Part 2 describes Calvin’s theology. The subject matter moves along in what might be described as theological order. First, K. Scott Oliphint explains Calvin’s doctrine of Scripture . From there, reputable theologians like J. V. Fesko, Burk Parsons, Joel Beeke, Paul Helm, and others consider God’s act of creation and works of providence, the law of God, the person and work of Christ, and the role of the Spirit. After discussing how the Spirit has sovereignly worked to bring sinners to Jesus, the book progresses through Calvin’s understanding of the Christian life, the role of adversity, the Church as Mother, God’s preservation of the saints, and eschatology. The only chapter that seemed out of place was the chapter on predestination. However, placing predestination here in the book is consistent with Calvin’s own decision to move his discussion of predestination from Book 1 (cf. 1539 edition) to Book 3 in the 1559 edition of the Institutes. Derek Thomas explains that Calvin moved the discussion of predestination to Book 3, in part, because election was a “family secret” (p. 220; cf. Institutes 3.21.1–2). However, in chapter 16 Paul Helm unpacks Calvin’s predestinarianism by carefully defining the term, explaining related concepts like election, reprobation, and foreknowledge, showing how predestination and the larger category of divine providence relate, and articulating how Calvin saw Christ as a mirror in election. These elements combine to provide a window into what is perhaps Calvin’s most famous doctrinal contribution.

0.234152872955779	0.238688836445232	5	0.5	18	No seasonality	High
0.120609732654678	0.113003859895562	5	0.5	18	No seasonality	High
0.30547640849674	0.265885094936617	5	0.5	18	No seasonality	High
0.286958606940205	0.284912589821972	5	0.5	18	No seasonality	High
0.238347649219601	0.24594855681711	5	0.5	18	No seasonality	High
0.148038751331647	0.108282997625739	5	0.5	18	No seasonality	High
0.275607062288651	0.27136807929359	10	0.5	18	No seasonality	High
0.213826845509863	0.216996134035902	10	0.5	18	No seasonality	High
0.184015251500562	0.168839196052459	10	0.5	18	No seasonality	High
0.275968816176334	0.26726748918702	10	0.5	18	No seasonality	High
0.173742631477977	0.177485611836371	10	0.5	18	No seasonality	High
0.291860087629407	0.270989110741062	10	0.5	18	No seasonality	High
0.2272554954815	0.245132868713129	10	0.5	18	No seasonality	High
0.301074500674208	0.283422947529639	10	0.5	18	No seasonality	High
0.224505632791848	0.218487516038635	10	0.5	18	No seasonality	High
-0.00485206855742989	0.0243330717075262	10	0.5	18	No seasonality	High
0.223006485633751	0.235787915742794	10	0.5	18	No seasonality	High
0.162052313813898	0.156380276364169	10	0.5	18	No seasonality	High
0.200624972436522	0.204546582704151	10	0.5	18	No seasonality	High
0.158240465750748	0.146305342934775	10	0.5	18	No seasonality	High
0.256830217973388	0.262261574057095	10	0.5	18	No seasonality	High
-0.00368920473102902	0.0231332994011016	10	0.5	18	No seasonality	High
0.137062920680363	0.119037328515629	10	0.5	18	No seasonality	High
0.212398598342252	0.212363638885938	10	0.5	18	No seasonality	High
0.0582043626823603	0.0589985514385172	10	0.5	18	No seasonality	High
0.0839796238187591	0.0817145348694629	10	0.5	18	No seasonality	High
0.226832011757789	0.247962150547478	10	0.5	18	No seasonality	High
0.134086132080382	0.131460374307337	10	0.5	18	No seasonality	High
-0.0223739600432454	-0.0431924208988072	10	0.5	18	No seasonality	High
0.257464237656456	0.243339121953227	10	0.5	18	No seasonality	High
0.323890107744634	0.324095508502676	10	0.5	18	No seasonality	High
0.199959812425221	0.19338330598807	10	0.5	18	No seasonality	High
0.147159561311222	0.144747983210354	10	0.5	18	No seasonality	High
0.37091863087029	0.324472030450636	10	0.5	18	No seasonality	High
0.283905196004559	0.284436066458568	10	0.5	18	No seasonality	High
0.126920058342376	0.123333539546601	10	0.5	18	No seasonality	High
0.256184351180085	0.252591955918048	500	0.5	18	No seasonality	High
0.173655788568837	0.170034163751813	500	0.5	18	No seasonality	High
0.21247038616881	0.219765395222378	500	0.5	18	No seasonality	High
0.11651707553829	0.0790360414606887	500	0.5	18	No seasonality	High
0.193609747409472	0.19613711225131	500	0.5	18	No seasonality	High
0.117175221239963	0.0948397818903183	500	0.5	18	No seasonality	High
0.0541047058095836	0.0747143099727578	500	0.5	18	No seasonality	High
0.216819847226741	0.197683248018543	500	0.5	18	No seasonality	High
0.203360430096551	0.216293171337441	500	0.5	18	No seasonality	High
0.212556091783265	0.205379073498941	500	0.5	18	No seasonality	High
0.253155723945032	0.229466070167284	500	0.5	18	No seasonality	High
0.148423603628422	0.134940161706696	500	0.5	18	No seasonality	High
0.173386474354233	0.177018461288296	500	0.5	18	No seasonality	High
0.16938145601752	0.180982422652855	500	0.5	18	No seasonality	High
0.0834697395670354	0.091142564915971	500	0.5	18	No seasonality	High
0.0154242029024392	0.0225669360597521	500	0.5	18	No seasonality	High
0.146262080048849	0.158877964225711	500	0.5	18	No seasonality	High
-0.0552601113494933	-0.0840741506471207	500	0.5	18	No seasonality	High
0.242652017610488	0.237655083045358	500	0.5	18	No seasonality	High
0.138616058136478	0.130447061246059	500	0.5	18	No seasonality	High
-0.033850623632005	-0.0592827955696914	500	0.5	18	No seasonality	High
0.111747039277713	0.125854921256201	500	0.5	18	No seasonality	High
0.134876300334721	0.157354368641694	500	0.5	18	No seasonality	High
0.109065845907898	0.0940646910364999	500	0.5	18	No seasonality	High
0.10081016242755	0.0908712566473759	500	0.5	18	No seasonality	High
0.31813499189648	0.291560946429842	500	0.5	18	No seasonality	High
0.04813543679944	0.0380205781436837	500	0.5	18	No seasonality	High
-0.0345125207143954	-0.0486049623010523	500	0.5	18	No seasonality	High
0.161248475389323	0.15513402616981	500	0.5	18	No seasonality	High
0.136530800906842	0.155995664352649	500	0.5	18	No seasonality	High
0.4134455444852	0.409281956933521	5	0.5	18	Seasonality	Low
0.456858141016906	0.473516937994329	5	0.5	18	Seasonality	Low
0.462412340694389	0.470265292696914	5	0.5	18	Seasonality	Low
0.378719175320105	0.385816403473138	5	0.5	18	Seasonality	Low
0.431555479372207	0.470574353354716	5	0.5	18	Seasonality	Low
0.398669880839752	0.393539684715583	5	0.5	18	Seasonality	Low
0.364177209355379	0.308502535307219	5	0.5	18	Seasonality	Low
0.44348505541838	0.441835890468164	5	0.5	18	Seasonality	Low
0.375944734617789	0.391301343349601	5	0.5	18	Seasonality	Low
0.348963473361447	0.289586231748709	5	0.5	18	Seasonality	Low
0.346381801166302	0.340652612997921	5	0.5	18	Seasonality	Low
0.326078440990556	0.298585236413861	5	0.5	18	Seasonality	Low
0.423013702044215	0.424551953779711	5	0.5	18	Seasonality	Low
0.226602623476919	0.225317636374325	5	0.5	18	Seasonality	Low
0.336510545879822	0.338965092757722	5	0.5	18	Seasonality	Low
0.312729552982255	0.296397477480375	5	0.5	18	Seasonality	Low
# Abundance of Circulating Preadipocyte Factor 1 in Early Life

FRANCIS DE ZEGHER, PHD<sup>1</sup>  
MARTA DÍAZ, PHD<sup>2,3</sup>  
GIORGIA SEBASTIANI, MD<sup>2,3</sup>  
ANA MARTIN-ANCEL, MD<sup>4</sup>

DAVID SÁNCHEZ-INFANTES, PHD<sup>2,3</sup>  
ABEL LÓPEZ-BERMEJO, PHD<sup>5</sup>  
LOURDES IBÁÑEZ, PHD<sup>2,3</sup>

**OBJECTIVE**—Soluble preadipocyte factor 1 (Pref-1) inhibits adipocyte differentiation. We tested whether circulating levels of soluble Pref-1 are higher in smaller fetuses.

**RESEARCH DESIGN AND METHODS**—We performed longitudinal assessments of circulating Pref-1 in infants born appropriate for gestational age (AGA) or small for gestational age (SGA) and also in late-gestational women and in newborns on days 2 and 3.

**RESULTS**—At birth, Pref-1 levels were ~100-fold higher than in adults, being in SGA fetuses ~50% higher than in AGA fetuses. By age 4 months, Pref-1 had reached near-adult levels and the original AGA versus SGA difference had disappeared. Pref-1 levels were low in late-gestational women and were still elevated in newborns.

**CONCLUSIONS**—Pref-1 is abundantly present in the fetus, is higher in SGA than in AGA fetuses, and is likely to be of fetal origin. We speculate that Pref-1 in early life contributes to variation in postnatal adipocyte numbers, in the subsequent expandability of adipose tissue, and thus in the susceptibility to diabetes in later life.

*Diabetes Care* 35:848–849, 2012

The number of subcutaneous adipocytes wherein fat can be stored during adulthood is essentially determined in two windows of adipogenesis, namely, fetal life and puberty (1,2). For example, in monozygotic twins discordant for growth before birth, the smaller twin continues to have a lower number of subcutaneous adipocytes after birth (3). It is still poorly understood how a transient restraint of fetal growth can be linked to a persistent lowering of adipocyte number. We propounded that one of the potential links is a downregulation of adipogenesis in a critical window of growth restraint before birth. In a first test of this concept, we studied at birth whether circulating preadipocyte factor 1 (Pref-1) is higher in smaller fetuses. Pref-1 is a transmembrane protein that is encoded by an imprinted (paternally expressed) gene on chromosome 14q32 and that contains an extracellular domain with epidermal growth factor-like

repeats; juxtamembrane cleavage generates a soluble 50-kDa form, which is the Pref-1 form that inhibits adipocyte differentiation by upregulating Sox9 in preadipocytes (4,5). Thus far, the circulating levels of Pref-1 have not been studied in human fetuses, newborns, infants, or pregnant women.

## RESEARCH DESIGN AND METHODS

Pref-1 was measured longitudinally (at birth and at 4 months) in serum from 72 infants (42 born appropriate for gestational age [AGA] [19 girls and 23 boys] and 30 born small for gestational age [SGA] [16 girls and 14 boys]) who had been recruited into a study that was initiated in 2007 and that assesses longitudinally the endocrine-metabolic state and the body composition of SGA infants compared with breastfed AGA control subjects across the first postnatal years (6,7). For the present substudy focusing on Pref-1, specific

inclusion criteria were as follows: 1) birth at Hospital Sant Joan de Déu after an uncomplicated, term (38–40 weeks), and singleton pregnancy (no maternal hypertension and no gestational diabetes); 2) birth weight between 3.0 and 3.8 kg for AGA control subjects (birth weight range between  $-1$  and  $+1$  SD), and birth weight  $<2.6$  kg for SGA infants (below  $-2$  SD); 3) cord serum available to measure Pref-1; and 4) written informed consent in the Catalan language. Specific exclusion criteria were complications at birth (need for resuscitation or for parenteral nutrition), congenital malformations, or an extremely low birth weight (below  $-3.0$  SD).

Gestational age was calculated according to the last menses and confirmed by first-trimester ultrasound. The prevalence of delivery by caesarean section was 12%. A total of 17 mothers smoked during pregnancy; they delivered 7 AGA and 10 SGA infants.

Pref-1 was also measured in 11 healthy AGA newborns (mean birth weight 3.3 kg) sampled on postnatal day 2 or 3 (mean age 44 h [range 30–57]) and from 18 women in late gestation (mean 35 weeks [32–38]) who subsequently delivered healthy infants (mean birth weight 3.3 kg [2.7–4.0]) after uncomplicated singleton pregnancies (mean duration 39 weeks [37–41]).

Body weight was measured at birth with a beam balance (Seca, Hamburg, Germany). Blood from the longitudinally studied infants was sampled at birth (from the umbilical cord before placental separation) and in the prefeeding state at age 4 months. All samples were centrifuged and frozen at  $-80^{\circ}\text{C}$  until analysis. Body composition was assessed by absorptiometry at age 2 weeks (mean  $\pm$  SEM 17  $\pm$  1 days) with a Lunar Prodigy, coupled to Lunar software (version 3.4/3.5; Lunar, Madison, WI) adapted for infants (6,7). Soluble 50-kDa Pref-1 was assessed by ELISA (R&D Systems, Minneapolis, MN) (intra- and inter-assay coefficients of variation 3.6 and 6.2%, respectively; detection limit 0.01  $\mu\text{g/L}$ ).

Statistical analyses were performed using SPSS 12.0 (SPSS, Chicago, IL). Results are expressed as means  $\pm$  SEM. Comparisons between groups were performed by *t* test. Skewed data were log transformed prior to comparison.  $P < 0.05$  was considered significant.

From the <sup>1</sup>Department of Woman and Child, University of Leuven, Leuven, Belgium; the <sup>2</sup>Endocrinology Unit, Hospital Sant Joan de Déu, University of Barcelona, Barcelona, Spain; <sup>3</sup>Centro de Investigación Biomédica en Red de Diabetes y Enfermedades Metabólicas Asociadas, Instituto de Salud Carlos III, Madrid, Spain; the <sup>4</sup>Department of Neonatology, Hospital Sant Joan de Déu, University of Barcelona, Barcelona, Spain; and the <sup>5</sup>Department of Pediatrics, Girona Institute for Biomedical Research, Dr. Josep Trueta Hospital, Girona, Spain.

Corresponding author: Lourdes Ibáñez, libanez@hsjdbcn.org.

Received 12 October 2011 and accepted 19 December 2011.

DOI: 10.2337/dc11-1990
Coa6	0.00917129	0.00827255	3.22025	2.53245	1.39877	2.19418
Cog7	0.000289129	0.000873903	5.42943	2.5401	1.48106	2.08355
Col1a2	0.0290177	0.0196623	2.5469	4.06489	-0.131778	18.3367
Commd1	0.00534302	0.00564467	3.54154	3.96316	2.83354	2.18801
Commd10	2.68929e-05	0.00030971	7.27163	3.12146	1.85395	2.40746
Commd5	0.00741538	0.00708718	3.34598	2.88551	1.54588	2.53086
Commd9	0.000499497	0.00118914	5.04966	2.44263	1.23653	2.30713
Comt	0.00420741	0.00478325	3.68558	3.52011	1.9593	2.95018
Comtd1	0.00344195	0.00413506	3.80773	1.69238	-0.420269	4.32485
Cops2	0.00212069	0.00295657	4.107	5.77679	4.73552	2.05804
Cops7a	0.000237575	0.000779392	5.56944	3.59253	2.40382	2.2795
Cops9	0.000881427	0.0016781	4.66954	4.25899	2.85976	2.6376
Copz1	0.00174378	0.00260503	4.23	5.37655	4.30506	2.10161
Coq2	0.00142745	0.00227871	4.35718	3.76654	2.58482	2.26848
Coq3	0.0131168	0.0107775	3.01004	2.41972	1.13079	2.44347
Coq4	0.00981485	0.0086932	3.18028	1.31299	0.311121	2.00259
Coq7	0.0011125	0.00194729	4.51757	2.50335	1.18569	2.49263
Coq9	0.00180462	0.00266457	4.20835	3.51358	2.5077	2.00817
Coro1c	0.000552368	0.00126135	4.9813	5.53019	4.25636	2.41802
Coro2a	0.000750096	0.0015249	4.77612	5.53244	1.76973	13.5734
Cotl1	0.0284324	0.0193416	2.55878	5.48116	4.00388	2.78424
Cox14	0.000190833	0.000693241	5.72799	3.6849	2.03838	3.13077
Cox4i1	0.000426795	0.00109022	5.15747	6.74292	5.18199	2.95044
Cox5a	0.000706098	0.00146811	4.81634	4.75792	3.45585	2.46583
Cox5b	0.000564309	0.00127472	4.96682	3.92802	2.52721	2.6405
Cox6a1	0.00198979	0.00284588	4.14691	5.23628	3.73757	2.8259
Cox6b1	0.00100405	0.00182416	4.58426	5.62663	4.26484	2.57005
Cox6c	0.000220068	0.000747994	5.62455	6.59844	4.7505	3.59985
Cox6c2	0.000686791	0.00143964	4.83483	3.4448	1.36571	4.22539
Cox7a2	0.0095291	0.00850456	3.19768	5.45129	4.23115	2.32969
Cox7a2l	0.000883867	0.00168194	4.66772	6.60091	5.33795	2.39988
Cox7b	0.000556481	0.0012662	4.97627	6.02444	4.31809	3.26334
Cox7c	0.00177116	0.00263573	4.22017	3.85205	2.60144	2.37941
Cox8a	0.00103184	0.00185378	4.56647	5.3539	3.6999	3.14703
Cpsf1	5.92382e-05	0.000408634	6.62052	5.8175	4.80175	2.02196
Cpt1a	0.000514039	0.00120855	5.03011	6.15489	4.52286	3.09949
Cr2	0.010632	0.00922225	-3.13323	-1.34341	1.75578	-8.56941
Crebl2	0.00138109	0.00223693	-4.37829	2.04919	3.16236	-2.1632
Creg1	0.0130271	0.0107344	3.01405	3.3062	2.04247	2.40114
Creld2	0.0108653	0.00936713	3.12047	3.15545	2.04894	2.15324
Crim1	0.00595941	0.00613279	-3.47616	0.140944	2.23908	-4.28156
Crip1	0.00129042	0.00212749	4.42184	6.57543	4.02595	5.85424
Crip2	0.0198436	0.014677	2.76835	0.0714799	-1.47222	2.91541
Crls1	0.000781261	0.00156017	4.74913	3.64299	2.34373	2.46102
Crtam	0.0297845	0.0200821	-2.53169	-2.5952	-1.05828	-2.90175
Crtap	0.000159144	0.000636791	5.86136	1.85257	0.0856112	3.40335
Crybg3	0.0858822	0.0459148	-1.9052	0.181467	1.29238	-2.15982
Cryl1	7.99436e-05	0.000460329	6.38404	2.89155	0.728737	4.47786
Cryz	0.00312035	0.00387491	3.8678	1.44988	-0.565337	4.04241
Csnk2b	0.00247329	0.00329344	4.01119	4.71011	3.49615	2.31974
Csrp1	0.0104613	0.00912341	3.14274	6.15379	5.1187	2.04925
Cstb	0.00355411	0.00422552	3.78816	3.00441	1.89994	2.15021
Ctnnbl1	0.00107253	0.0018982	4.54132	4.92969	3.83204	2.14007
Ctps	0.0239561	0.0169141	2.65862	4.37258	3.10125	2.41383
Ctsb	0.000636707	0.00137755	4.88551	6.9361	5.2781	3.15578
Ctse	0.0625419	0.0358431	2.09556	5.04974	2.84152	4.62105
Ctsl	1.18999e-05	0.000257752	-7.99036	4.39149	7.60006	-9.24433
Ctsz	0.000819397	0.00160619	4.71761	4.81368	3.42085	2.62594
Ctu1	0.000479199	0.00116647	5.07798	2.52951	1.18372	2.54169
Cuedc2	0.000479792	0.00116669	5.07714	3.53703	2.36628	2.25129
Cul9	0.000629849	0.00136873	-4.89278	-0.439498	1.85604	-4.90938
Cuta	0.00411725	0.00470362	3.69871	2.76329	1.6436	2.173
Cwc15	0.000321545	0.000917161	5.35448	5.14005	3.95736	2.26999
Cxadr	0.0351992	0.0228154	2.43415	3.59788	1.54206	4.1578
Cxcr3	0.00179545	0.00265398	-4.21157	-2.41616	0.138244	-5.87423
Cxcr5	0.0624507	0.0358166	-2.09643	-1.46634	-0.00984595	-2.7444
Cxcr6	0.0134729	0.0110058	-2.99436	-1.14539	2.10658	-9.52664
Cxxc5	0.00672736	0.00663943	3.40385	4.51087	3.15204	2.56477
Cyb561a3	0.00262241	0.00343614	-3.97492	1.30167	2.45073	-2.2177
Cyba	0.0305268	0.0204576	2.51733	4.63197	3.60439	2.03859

The book closes with two short chapters. In the “Afterword,” R. C. Sproul reminds us that what we need in this age are those like Calvin (p. 578). Perhaps God will use the works of the great Reformer to raise up such persons. To that end, John Tweeddale closes the book by offering several suggestions on how someone might begin to read Calvin.